A High Performance Team Model
Can you identify a high performance team? Have you been part of one?
High performance teams are a league of their own because no two teams are the same. How a team interacts can set a level of communication, collaboration and adaptation that can result in outstanding levels of effectiveness and efficiency. The ultimate goal is for the team to be happy and remain passionate about their purpose.
Often, I look outside my domain to gather new insights. Outside Agile software development, my two favorite high performing groups are Formula 1 pit crews and jazz bands.
I admire fast F1 pitstops that last 2 seconds. How is that possible?
F1 pit crews comprise nearly 20 people that travel around the world to different tracks. Each team member is trained for a specific task. There are three people per wheel, two jack operators and other mechanics fulfilling other functions. During a season crews train incessantly at the factory and during race weekends with hundreds of pitstop practices. If anything goes wrong during a pitstop, improvisation and trust on your teammates is key to recover.
Last time I watched a jazz band, members continuously change roles. Everyone leads and follows. How is that possible?
Jazz bands have very talented musicians that often play multiple instruments. Often band members have the freedom to improvise and be creative while harmony is maintained. It is common for jazz bands to practice long hours to achieve a high level of cohesion in their music.
In Agile software development, communication, collaboration and adaptation to change are also very important. If teams stay together long enough, they will transition between three growth stages – storm, form, norm – before transitioning to high performance.
Many publications exist around Agile high performing teams but very seldom it is difficult to quantify thresholds. For example, it is challenging to estimate how much additional communication or collaboration is required for a team to reach high performance.
When asked “Are we performing?” I missed not favoring a single model to provide insights. Therefore, my first step was to establish four principles:
- High performing traits should not be the priority in early growth stages
- High performing traits favor being (qualitative) versus doing (quantitative)
- Interpretation of a high performing trait (e.g. autonomy – team works remotely 1 day per week) is unique to every team
- High performing traits should have cross-dependencies to increase harmony and strength
The above four principles later resulted in my high performance team model called A.P.R.I.L.:
The model is associated with Spring sentiments of freshness and re-energizing. Knowing how we were performing helped us discover our identity. If the team identity is identified, individual strengths can be leveraged more effectively. Starting to develop the model required three key steps:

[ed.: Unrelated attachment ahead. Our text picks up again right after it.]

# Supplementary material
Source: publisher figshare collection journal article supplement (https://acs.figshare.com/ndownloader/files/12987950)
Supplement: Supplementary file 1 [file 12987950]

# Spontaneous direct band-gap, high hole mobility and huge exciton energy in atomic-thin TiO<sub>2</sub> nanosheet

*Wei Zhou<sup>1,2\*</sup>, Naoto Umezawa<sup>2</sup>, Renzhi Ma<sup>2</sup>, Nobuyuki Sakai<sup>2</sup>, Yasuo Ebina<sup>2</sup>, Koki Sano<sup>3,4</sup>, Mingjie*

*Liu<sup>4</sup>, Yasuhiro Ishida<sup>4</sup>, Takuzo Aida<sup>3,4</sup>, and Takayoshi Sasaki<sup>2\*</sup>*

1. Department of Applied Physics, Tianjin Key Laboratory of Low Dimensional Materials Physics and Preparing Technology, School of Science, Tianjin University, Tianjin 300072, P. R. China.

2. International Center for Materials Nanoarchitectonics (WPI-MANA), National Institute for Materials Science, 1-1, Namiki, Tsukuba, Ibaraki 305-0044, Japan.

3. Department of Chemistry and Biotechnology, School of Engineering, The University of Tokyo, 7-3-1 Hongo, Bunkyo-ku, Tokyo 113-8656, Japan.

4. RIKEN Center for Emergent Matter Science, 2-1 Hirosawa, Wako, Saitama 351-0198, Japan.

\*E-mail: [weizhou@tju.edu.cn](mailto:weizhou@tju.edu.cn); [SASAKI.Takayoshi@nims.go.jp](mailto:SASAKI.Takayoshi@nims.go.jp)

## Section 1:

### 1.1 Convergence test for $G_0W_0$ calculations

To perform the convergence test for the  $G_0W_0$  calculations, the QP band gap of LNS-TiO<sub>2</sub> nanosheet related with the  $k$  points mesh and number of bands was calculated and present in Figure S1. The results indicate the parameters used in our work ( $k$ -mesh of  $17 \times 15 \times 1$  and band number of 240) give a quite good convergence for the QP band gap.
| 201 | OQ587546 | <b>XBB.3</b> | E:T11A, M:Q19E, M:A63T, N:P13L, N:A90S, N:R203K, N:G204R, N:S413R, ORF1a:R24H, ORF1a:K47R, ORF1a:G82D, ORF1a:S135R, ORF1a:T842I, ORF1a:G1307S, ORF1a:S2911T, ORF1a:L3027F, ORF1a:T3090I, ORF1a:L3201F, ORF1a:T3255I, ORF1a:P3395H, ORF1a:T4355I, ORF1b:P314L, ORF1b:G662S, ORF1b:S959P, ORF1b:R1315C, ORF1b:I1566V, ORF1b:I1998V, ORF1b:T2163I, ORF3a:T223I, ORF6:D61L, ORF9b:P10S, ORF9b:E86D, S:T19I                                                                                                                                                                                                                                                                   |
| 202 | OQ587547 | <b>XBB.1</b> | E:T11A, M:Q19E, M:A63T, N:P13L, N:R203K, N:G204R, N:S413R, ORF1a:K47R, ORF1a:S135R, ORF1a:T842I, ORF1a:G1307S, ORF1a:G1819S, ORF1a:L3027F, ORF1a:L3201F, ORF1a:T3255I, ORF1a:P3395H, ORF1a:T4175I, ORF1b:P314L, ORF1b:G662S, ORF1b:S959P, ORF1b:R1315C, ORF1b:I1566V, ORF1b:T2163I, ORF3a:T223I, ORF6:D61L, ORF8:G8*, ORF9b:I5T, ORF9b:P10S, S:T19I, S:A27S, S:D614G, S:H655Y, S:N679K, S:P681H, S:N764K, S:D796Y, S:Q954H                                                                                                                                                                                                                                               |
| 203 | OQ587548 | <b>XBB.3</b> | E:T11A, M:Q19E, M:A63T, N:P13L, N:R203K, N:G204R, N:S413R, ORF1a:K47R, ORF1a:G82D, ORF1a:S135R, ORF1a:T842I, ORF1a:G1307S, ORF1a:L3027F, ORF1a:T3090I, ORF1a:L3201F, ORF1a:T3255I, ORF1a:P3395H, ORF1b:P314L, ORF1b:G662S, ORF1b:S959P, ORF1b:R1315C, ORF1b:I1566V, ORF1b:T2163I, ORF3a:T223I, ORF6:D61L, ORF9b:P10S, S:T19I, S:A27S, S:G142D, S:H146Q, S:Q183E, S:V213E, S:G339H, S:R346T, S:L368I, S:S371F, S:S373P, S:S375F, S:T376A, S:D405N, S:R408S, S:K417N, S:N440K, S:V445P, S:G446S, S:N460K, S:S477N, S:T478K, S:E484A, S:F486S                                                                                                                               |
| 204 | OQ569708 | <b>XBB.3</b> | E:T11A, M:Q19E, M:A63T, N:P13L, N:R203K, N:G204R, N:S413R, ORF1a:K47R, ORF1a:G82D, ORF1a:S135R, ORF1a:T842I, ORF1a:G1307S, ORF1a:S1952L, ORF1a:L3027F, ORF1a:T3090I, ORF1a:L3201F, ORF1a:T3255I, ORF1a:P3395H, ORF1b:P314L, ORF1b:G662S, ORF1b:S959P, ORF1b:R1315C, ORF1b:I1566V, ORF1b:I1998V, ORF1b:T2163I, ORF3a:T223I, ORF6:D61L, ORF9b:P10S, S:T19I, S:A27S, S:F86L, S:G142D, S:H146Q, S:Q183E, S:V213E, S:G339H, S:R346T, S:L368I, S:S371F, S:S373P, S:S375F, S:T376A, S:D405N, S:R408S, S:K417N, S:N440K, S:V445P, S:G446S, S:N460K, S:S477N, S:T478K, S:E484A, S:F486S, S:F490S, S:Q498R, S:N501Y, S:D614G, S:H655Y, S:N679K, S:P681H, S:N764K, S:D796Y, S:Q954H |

- Confirm team is norming
- Review high performing tree created in past growth stages
- Think and act like a tribe (inside and outside office)
“Knowing how we were performing helped us discover our identity.”
Why do these five traits matter?
Fixed cost, variable scope projects, typically result in team autonomy. The team has to deliver business value quickly and often, in order to gain stakeholder trust. Autonomy is sometimes wrongly associated with team disengagement from the business. This should never happen if the team has a clear purpose and business KPIs to fulfill.
It is very important to first understand the reason before tackling the what and how. With that order in mind, team motivation and drive is always high to take risks and improvise.
There are many types of risks and actions available (e.g. accept, deny). In my experience, the main risks that slow high performing transition are:
- Knowledge consolidation by a single team member. If a team member leaves or gets sick, team productivity should not slow down.
- Communication with external stakeholders. If frequency or format is not optimal, visibility is weak and autonomy may be challenged in favor of more control.
One key risk tackled by high performing teams is juggling between fast and slow decision making. Too much fast decision making results in decisions not recorded and quickly forgotten. A lot of slow decision making leads to documentation and analysis overhead that can interfere with team momentum to quickly deliver value.
When teams improvise, they move fast, switch roles, and sometimes process is replaced by common sense. Often improvisation is triggered to remove a blocker. Trust and listening is very important to hand over the lead to someone else.
Last and most important, is how teams listen to each other. We seldom fall into the trap of thinking what we want to say next instead of following up with the received message. I have yet to nurture listening with a team by participating in improvisational theatre. It would be so much fun!
Over the years, I have discovered that applying a high performing team model is a challenge given these constraints:
- Time required for team to transition to high performing growth stage
- Time required for team to experience benefits in high performing growth stage
- Team member swapping
- Hybrid team composition (e.g. permanent, external contractors, internal contractors) has different mind sets and interests
- Business acceptance
In retrospect, I was able to develop the A.P.R.I.L. model with my first ever software development team. Key attributes about this team were:
- Team passionate about games
- Close to three years working together
- Multi-disciplinary skill sets (e.g. coding, art, animation) per team member
- Social activities inside/outside the office
- Common personal interests
What is your high performance team model?